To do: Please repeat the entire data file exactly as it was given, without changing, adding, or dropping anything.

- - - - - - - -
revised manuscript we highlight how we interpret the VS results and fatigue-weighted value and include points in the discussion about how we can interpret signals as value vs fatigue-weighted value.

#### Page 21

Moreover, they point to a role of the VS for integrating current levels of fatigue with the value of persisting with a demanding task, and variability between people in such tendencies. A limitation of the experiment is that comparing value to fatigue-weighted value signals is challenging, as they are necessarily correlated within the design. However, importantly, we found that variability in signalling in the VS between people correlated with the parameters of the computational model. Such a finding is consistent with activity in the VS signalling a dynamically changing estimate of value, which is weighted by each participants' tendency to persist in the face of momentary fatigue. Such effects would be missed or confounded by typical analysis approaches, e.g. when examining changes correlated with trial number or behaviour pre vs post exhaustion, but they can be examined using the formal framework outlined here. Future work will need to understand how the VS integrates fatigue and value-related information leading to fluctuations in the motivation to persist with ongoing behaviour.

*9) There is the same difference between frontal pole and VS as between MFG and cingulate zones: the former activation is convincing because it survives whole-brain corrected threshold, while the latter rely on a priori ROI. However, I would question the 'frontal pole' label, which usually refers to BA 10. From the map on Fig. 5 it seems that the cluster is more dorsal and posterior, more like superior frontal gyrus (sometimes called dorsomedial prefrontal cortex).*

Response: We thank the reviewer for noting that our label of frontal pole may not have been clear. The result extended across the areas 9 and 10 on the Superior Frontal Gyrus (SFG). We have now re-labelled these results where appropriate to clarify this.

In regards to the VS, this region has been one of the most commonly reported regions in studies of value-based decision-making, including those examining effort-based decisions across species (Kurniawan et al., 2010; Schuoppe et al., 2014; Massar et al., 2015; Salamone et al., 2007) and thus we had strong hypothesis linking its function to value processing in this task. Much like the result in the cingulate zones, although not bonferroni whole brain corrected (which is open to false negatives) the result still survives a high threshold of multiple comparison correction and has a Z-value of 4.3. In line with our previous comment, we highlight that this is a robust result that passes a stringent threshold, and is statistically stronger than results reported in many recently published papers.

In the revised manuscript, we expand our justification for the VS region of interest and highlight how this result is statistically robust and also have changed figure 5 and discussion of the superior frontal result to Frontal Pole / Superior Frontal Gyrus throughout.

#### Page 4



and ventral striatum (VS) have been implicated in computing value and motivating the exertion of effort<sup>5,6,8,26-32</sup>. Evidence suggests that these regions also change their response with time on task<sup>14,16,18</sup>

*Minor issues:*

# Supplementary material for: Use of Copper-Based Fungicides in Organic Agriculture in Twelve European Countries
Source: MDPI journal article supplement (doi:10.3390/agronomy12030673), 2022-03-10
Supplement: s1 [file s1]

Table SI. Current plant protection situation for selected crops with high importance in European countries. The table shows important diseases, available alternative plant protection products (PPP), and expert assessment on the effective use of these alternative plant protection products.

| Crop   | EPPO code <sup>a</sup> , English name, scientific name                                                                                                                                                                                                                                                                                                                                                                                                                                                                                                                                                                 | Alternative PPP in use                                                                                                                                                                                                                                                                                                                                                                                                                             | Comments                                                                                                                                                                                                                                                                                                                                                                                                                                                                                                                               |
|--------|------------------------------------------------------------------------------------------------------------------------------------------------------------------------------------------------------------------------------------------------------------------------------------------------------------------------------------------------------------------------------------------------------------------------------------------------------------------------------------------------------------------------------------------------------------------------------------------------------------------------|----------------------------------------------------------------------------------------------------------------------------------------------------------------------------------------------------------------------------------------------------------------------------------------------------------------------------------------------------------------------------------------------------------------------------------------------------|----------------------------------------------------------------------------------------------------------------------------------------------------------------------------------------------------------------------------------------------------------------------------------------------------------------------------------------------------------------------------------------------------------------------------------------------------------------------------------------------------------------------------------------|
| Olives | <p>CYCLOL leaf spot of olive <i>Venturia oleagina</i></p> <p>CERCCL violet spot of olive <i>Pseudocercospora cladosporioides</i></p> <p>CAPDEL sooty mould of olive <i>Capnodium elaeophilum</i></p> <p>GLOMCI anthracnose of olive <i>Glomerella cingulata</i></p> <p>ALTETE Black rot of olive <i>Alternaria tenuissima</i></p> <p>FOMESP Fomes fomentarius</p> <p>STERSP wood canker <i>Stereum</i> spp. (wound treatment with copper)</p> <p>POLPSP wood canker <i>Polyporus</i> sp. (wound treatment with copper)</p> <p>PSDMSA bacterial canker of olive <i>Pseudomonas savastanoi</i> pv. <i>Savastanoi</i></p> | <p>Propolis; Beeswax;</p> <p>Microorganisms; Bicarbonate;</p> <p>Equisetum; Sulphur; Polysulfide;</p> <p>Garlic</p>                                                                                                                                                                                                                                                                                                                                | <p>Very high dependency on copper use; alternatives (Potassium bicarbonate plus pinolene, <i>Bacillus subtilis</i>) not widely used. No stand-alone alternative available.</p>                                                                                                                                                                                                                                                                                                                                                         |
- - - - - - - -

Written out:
revised manuscript we highlight how we interpret the VS results and fatigue-weighted value and include points in the discussion about how we can interpret signals as value vs fatigue-weighted value.

#### Page 21

Moreover, they point to a role of the VS for integrating current levels of fatigue with the value of persisting with a demanding task, and variability between people in such tendencies. A limitation of the experiment is that comparing value to fatigue-weighted value signals is challenging, as they are necessarily correlated within the design. However, importantly, we found that variability in signalling in the VS between people correlated with the parameters of the computational model. Such a finding is consistent with activity in the VS signalling a dynamically changing estimate of value, which is weighted by each participants' tendency to persist in the face of momentary fatigue. Such effects would be missed or confounded by typical analysis approaches, e.g. when examining changes correlated with trial number or behaviour pre vs post exhaustion, but they can be examined using the formal framework outlined here. Future work will need to understand how the VS integrates fatigue and value-related information leading to fluctuations in the motivation to persist with ongoing behaviour.

*9) There is the same difference between frontal pole and VS as between MFG and cingulate zones: the former activation is convincing because it survives whole-brain corrected threshold, while the latter rely on a priori ROI. However, I would question the 'frontal pole' label, which usually refers to BA 10. From the map on Fig. 5 it seems that the cluster is more dorsal and posterior, more like superior frontal gyrus (sometimes called dorsomedial prefrontal cortex).*

Response: We thank the reviewer for noting that our label of frontal pole may not have been clear. The result extended across the areas 9 and 10 on the Superior Frontal Gyrus (SFG). We have now re-labelled these results where appropriate to clarify this.

In regards to the VS, this region has been one of the most commonly reported regions in studies of value-based decision-making, including those examining effort-based decisions across species (Kurniawan et al., 2010; Schuoppe et al., 2014; Massar et al., 2015; Salamone et al., 2007) and thus we had strong hypothesis linking its function to value processing in this task. Much like the result in the cingulate zones, although not bonferroni whole brain corrected (which is open to false negatives) the result still survives a high threshold of multiple comparison correction and has a Z-value of 4.3. In line with our previous comment, we highlight that this is a robust result that passes a stringent threshold, and is statistically stronger than results reported in many recently published papers.

In the revised manuscript, we expand our justification for the VS region of interest and highlight how this result is statistically robust and also have changed figure 5 and discussion of the superior frontal result to Frontal Pole / Superior Frontal Gyrus throughout.

#### Page 4



and ventral striatum (VS) have been implicated in computing value and motivating the exertion of effort<sup>5,6,8,26-32</sup>. Evidence suggests that these regions also change their response with time on task<sup>14,16,18</sup>

*Minor issues:*

# Supplementary material for: Use of Copper-Based Fungicides in Organic Agriculture in Twelve European Countries
Source: MDPI journal article supplement (doi:10.3390/agronomy12030673), 2022-03-10
Supplement: s1 [file s1]

Table SI. Current plant protection situation for selected crops with high importance in European countries. The table shows important diseases, available alternative plant protection products (PPP), and expert assessment on the effective use of these alternative plant protection products.

| Crop   | EPPO code <sup>a</sup> , English name, scientific name                                                                                                                                                                                                                                                                                                                                                                                                                                                                                                                                                                 | Alternative PPP in use                                                                                                                                                                                                                                                                                                                                                                                                                             | Comments                                                                                                                                                                                                                                                                                                                                                                                                                                                                                                                               |
|--------|------------------------------------------------------------------------------------------------------------------------------------------------------------------------------------------------------------------------------------------------------------------------------------------------------------------------------------------------------------------------------------------------------------------------------------------------------------------------------------------------------------------------------------------------------------------------------------------------------------------------|----------------------------------------------------------------------------------------------------------------------------------------------------------------------------------------------------------------------------------------------------------------------------------------------------------------------------------------------------------------------------------------------------------------------------------------------------|----------------------------------------------------------------------------------------------------------------------------------------------------------------------------------------------------------------------------------------------------------------------------------------------------------------------------------------------------------------------------------------------------------------------------------------------------------------------------------------------------------------------------------------|
| Olives | <p>CYCLOL leaf spot of olive <i>Venturia oleagina</i></p> <p>CERCCL violet spot of olive <i>Pseudocercospora cladosporioides</i></p> <p>CAPDEL sooty mould of olive <i>Capnodium elaeophilum</i></p> <p>GLOMCI anthracnose of olive <i>Glomerella cingulata</i></p> <p>ALTETE Black rot of olive <i>Alternaria tenuissima</i></p> <p>FOMESP Fomes fomentarius</p> <p>STERSP wood canker <i>Stereum</i> spp. (wound treatment with copper)</p> <p>POLPSP wood canker <i>Polyporus</i> sp. (wound treatment with copper)</p> <p>PSDMSA bacterial canker of olive <i>Pseudomonas savastanoi</i> pv. <i>Savastanoi</i></p> | <p>Propolis; Beeswax;</p> <p>Microorganisms; Bicarbonate;</p> <p>Equisetum; Sulphur; Polysulfide;</p> <p>Garlic</p>                                                                                                                                                                                                                                                                                                                                | <p>Very high dependency on copper use; alternatives (Potassium bicarbonate plus pinolene, <i>Bacillus subtilis</i>) not widely used. No stand-alone alternative available.</p>                                                                                                                                                                                                                                                                                                                                                         |